In ExPhysiology, Rest Day/Theory

July 10, 2014

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Lon Kilgore takes a look at the machine that produces fitness professionals, and he doesn’t like what he sees.

The problem with sport, exercise and fitness certifications is that they propose to supplant university education. The problem with sport, exercise and fitness university education is that they can.

Before you applaud or get your shotgun, no one really wins in this scenario—not the trainer, not the trainee.

It is an all-too-common occurrence for graduates in exercise science, health and fitness, kinesiology, human kinetics, physical education or any of the other programs in operation to leave university with no tangible fitness instruction or programming skills. They have only read about or been lectured on the concepts. Because the three-hours-of-lecture-per-week approach to education is financially viable, they might never have spent a single moment learning the practical aspects of teaching basic fitness skills such as running and lifting or might never have practiced putting them together into a coherent program that accomplishes a fitness goal.

This gap in educational provision and quality is only one issue affecting who can be considered an exercise professional. Public perception of what is needed to be a coach or fitness professional does not necessarily include a university education. Government perception of what is needed to be a coach or fitness professional does not necessarily include a university education. Further, legal opinion regarding who is a qualified exercise professional does not necessarily include a university education.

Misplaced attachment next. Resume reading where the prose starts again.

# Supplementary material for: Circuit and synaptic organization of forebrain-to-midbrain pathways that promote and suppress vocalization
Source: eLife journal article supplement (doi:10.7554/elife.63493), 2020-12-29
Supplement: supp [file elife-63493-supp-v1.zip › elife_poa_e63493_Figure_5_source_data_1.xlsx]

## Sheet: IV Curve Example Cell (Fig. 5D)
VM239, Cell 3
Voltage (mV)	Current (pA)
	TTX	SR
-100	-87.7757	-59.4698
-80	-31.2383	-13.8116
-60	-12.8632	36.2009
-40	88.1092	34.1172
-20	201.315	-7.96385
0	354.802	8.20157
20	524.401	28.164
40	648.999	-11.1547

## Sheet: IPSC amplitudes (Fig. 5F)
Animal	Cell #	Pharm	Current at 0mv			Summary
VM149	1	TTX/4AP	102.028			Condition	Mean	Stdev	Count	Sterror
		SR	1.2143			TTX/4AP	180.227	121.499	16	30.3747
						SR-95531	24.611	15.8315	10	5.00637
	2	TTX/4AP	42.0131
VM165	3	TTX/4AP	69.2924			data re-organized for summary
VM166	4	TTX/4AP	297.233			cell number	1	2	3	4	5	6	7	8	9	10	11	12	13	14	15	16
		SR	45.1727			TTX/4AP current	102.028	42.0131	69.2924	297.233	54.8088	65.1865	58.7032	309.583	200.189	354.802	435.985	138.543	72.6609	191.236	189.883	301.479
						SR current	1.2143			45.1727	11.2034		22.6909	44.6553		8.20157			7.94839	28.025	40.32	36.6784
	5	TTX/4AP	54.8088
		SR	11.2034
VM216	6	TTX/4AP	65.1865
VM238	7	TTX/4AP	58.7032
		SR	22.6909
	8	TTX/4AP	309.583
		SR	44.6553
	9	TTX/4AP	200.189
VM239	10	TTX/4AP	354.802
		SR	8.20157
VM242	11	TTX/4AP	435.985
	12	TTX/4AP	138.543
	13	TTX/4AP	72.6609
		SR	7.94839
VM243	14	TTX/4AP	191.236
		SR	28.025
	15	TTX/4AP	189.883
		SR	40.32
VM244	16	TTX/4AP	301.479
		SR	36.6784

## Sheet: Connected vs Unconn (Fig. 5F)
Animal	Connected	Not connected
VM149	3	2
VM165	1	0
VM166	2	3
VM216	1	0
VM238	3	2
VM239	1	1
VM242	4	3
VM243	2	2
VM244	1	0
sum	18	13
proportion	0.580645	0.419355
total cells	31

The only group who consider a university education to be a prerequisite for professionalism is university educators.

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4 Comments on “Shell Games and Competency: Education vs. Certification ”

1

Papa Yats wrote …

Interesting...I think people need that special something to put on their resume or web site, be it university degree, certification...it just looks better that way.

2

Papa Yats wrote …

Interesting...I think people need that special something to put on their resume or web site, be it university degree, certification...it just looks better that way.

3

wrote …

My concern with higher education is that it hasn't kept up with the times. They require classes that in their opinion provide a well rounded education; however, in today's times the employers' don't care about being well rounded. They want to know if you can do the job. Are you competent in the field that your trying to get into to? As mentioned in this article the higher education facilities don't provide enough front end knowledge of the fields but give you a great deal of background info about it. This leads to problems in practical application. I feel crossfit should go into a more university type structure where they teach you the necessary background information, then their certifications that are currently being offered will be a great frond end information that can help put everything in perfect balance.

4

Sean McCue wrote …

There is an error in calculating the number of students per institution in 1973. If there were 8 million total students that would be 2819 students per institution not 1100.

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